Due to the large number of walkers being constrained to a single track, some parts of the Way have become badly eroded. However a considerable amount of work is undertaken to maintain the route so where sections of the way appear to have been eroded into tracks wide enough to drive a vehicle along, these are where the route is following sections of old military road, as with all well documented long distance paths.

Walkers seeking solitude should consider starting their journey away from the weekends.

When deciding the time of year to attempt the Way, it is good to know that midges (biting flies) and mosquitos begin swarming in May and last well into August, some years even September. Also, Scottish weather can be particularly rugged and must be respected with proper forecasting and gear.

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Stage 1: Milngavie to Drymen

The path officially starts in Milngavie town centre, where a granite obelisk is located. Most walkers arrive at the railway station located close by. Milngavie is a town located on the northern fringe of the conurbation of Glasgow. The path passes Mugdock Castle and Mugdock Country Park before emerging into open countryside and finally reaching the village of Drymen.

This stage is approximately 19 kilometres (12 mi) in length.[2]

Stage 2: Drymen to Balmaha

After leaving Drymen the path enters Garadhban Forest before reaching the first major summit of the route, Conic Hill (a site of special scientific interest[3]) at 358 metres (1,170 ft). The village of Balmaha on the eastern shore of Loch Lomond is the next settlement reached.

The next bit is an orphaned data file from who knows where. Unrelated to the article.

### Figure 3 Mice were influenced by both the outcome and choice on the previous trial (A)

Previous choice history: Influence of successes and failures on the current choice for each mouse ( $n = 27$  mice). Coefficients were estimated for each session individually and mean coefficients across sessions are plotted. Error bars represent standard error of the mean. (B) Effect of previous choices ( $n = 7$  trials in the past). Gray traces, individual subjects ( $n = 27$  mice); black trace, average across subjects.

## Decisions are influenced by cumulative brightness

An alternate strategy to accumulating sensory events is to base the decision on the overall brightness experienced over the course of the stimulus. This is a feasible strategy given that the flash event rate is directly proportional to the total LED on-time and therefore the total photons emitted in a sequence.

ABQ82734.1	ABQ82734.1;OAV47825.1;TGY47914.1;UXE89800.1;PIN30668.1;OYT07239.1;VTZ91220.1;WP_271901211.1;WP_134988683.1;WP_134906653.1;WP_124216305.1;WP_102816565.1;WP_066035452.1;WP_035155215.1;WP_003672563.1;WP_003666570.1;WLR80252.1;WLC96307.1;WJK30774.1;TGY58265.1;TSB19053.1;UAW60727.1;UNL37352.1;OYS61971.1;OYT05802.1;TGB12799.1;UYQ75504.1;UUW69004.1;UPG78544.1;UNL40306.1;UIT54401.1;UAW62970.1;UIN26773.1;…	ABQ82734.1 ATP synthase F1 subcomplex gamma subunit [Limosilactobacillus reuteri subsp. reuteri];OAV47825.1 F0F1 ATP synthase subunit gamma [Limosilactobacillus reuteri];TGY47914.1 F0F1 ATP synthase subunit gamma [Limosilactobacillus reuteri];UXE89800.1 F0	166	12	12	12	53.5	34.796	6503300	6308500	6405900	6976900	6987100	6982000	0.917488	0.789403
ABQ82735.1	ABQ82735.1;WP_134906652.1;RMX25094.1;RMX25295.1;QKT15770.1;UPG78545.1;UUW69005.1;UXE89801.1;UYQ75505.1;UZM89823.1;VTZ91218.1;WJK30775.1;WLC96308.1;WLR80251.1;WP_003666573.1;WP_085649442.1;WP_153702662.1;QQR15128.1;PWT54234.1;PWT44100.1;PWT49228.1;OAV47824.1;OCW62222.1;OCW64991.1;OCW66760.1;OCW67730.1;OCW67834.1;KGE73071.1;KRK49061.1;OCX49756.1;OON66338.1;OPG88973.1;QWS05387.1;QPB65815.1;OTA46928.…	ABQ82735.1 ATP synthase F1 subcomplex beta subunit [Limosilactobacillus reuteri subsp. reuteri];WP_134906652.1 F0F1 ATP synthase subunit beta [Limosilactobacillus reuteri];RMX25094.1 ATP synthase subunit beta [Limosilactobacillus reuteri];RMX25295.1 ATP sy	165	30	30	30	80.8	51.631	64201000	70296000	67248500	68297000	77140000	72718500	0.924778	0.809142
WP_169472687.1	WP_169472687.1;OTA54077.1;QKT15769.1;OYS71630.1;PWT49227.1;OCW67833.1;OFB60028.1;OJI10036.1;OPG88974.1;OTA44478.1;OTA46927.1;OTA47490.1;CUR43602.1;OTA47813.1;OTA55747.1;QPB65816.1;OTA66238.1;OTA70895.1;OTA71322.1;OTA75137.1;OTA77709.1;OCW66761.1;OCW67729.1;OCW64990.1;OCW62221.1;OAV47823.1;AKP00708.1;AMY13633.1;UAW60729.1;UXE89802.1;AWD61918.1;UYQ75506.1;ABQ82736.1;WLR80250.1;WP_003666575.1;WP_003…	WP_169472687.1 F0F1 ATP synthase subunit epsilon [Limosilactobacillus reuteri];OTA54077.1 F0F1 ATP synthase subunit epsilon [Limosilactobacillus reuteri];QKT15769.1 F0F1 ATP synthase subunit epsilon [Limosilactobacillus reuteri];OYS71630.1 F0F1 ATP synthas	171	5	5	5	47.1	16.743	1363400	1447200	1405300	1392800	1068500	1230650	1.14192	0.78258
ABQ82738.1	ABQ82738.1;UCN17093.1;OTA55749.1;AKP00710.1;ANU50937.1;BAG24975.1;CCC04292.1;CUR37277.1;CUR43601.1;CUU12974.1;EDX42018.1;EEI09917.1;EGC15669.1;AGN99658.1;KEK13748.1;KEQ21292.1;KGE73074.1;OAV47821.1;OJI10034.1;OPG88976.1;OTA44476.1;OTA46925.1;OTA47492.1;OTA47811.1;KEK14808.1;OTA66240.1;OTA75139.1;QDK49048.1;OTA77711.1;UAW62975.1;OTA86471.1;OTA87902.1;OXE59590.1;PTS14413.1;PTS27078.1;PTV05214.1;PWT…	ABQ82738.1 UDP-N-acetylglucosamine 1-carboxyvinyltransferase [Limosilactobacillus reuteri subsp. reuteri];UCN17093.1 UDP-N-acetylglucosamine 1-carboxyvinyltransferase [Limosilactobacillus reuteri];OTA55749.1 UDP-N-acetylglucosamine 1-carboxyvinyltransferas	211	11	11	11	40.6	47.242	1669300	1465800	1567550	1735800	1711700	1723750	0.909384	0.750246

This stage is approximately 13 kilometres (8 mi) in length.

Stage 3: Balmaha to Rowardennan

The path heads in a northerly direction alongside the eastern shore of Loch Lomond passing through Rowardennan Forest before reaching the village Rowardennan.

This stage is approximately 11 kilometres (7 mi) in length.

Stage 4: Rowardennan to Crianlarich

The path leaves Rowardennan and heads in a northerly direction alongside the eastern shore of Loch Lomond, passing a cavern known as Rob Roy's cave , before reaching the village of Crianlarich.

This stage is approximately 32 kilometres (20 mi) in length.

Stage 5: Crianlarich to Tyndrum

This stage is approximately 10 kilometres (6.2 mi) in length.

Stage 6: Tyndrum to Glencoe

This stage is approximately 30 kilometres (19 mi) in length.

Stage 7: Glencoe to Kinlochleven

Glencoe (Gleann Comhann in Gaelic ) is a glen in the Highlands of Scotland. It is often considered one of the most spectacular and beautiful places in Scotland, and is a part of the designated National Scenic Area of Ben Nevis and Glencoe. The narrow glen shows a dramatically grim grandeur, shut in on both sides by wild and precipitous mountains. Towards Invercoe the landscape acquires a softer beauty.

This stage is approximately 14 kilometres (8.7 mi) in length.

Stage 8: Kinlochleven to Fort William

This stage is approximately 22 kilometres (14 mi) in length.

West Highland Way Race

Jez Bragg setting a new West Highland Way Race record of 15:44:50 on 24 June 2006

An annual race along the full south–north distance of the West Highland Way has been run in its current form since 1991. The race starts at 1 am on the Saturday nearest to the Summer Solstice.[4]